In most NFL offenses, the third-string tight end is seldom used — primarily as a blocker if at all. In the Eagles’ offense, the third tight end can be akin to a secret weapon.
James Casey caught only three passes in that role for the Eagles in 2014, but two went for touchdowns. With Casey out of the picture, the job figures to fall to Trey Burton, who has the potential to do a lot more with it.
As tight ends go, Burton is about as versatile as they come. At the University of Florida he also lined up wide receiver, running back and even quarterback. Last year for the Eagles as an undrafted rookie, Burton racked up seven special teams tackles, a blocked punt and helped ice a 27-0 shutout over the New York Giants with five carries in the fourth quarter.
Burton is what Eagles head coach Chip Kelly would refer to as a Swiss Army knife. For right now, however, the focus is on being that No. 3 tight end.
“It’s night and day, knowing what I’m supposed to do,” Burton said of entering his second season. “[Tight ends coach Justin] Peele and [tight ends Brent] Celek and [Zach] Ertz have done an unbelievable job helping me out and bringing me up from where I was last year, basically teaching me the position.”
Kelly would agree that Burton has come a long way in a short period of time, stressing that he’s looking at how to fit him in the rotation behind two proven, talented options in Celek and Ertz.
“Trey stepped up,” Kelly said last week. “It’s Year 2 for him. He was a key special teams player for us last year. We’re really putting a little bit more on his plate as a tight end because he's moving into that third tight end role with James Casey not being here.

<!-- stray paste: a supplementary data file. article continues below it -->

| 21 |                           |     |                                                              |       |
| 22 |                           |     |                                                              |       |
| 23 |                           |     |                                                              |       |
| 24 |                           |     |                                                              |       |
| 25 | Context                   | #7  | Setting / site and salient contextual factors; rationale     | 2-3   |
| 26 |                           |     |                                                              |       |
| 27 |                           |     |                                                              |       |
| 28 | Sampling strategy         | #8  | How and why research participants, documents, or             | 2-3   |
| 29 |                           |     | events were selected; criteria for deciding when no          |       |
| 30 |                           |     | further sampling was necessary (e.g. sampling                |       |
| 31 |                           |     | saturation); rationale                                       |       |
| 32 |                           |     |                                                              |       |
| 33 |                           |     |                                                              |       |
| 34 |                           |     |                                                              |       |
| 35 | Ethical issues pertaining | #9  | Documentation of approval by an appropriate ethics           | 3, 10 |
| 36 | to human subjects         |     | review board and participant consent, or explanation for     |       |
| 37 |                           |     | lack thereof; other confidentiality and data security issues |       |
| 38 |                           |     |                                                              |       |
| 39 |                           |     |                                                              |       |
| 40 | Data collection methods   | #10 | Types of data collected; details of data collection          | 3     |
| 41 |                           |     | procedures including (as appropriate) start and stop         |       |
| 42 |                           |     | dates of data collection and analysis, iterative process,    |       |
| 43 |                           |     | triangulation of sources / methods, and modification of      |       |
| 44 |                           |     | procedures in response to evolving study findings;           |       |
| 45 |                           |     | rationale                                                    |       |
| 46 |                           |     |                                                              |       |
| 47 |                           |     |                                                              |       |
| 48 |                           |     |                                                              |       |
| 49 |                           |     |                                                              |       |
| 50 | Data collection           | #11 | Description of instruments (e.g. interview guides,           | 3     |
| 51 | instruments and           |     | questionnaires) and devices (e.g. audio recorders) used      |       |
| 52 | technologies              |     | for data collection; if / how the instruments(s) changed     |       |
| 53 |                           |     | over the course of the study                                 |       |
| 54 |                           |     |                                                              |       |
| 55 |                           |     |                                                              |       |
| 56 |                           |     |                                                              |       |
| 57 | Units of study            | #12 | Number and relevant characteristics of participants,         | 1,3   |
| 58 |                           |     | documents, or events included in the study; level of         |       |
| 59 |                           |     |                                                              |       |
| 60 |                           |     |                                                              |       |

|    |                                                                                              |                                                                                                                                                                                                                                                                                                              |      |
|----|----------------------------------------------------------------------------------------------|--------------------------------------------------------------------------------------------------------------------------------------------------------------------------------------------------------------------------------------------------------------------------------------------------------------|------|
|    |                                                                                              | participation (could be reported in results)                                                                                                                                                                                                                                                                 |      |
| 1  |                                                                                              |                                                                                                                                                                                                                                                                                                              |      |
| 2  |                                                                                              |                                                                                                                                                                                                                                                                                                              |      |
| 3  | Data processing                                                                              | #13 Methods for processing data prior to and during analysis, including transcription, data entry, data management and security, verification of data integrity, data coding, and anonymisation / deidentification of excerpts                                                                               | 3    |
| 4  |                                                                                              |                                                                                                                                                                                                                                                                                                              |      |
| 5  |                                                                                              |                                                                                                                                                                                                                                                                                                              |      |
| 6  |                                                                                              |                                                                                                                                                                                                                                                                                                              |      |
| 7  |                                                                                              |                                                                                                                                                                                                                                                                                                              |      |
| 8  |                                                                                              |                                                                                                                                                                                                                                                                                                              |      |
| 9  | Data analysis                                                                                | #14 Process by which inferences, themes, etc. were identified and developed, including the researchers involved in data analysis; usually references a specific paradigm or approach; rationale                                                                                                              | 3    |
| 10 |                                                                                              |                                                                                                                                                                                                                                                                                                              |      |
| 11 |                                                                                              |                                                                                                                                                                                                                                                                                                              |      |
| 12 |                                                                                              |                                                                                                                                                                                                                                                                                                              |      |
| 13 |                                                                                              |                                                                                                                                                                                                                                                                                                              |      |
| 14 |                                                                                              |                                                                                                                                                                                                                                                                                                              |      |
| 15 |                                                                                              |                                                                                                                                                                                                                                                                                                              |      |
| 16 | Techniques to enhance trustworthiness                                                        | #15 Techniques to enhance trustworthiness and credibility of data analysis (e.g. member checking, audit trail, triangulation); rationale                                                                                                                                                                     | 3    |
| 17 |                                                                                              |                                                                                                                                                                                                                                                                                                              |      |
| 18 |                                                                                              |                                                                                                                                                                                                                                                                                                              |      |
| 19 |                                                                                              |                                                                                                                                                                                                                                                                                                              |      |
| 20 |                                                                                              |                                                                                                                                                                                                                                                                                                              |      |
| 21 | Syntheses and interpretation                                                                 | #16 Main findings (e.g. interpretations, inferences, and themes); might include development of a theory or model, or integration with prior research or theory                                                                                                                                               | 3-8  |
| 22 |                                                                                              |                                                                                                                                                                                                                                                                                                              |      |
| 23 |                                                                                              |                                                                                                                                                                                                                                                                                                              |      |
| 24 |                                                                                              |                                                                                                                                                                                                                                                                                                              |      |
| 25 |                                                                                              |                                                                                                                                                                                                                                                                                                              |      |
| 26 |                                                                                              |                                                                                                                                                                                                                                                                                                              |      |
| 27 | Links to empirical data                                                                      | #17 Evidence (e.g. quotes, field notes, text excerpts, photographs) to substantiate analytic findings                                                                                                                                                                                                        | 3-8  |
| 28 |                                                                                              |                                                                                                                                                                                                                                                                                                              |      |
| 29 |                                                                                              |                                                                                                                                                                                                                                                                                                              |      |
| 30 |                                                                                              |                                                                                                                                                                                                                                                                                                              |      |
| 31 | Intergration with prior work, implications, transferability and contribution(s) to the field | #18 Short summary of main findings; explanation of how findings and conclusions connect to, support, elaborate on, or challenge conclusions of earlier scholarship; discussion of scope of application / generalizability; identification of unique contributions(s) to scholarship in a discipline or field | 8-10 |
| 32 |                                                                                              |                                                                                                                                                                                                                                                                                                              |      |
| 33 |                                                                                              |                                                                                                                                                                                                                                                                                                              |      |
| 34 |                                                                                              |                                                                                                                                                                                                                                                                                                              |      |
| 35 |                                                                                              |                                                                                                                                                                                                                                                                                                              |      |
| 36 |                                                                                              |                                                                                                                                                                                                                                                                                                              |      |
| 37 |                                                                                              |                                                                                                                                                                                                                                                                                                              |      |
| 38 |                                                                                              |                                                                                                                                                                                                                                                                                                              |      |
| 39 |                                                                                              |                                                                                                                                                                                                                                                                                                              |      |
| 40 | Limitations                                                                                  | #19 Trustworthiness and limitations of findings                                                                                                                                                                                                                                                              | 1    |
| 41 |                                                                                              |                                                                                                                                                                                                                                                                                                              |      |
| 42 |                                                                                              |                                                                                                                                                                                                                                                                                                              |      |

“We’re trying to figure out exactly how he can fit into being one of our weapons because he's a really good offensive player.”
Burton has enjoyed a strong training camp this summer. He stood out as a receiver on a near daily basis — you simply don’t come across that many tight ends with 4.6 speed. It’s translated only to three receptions for 36 yards during preseason, although that’s not entirely his fault.
Burton nearly took the top off the defense on the first play from scrimmage in the preseason opener against the Indianapolis Colts, but Mark Sanchez’s pass was underthrown and broken up. Later in the game, he was open again over the middle, but Matt Barkley's pass was a little behind the intended target and batted away again.
But not surprisingly, Burton has demonstrated his value in more ways than one. He’s also a capable and willing blocker, making one of the key seals on Kenjon Barner’s 9-yard touchdown run in the same contest.
“I take a lot of pride in it,” Burton said of blocking. “Last year, coach Peele was the assistant tight ends coach, so he got to spend a lot more one-on-one time with me. The work he put in with me last year, and just hanging around Celek and Ertz and taking pride in it has got me to where I’m at now.”
The third-string tight end on this roster is under the microscope even more so than usual, because there’s a chance Burton will be No. 2 on opening day.
Ertz underwent surgery for a core muscle injury two weeks ago. Initially, he was expected to miss only the preseason, although there seems to be some doubt as to whether he’ll be ready for the opener against the Atlanta Falcons on Sept. 14.
Undrafted rookies Eric Tomlinson, Andrew Gleichert and Justin Tukes form the rest of the depth at the position. It’s possible the Eagles carry four tight ends, as they did last season with Burton, although he played almost exclusively on special teams.
If Ertz misses any time, Burton could be tasked with filling some big shoes for awhile. Ertz finished third on the team last season with 58 receptions and 702 yards.
Whatever is asked of Burton this season, he’ll give it a shot. That means No. 2 tight end, No. 3 tight end, blocking, receiving, rushing, special teams — anything.
“I’m open to whatever," Burton said. "Coach Peele knows whatever they want me to do I’m open to do it. I’m just here to help the team win. I would like to help bring a Super Bowl to Philadelphia.”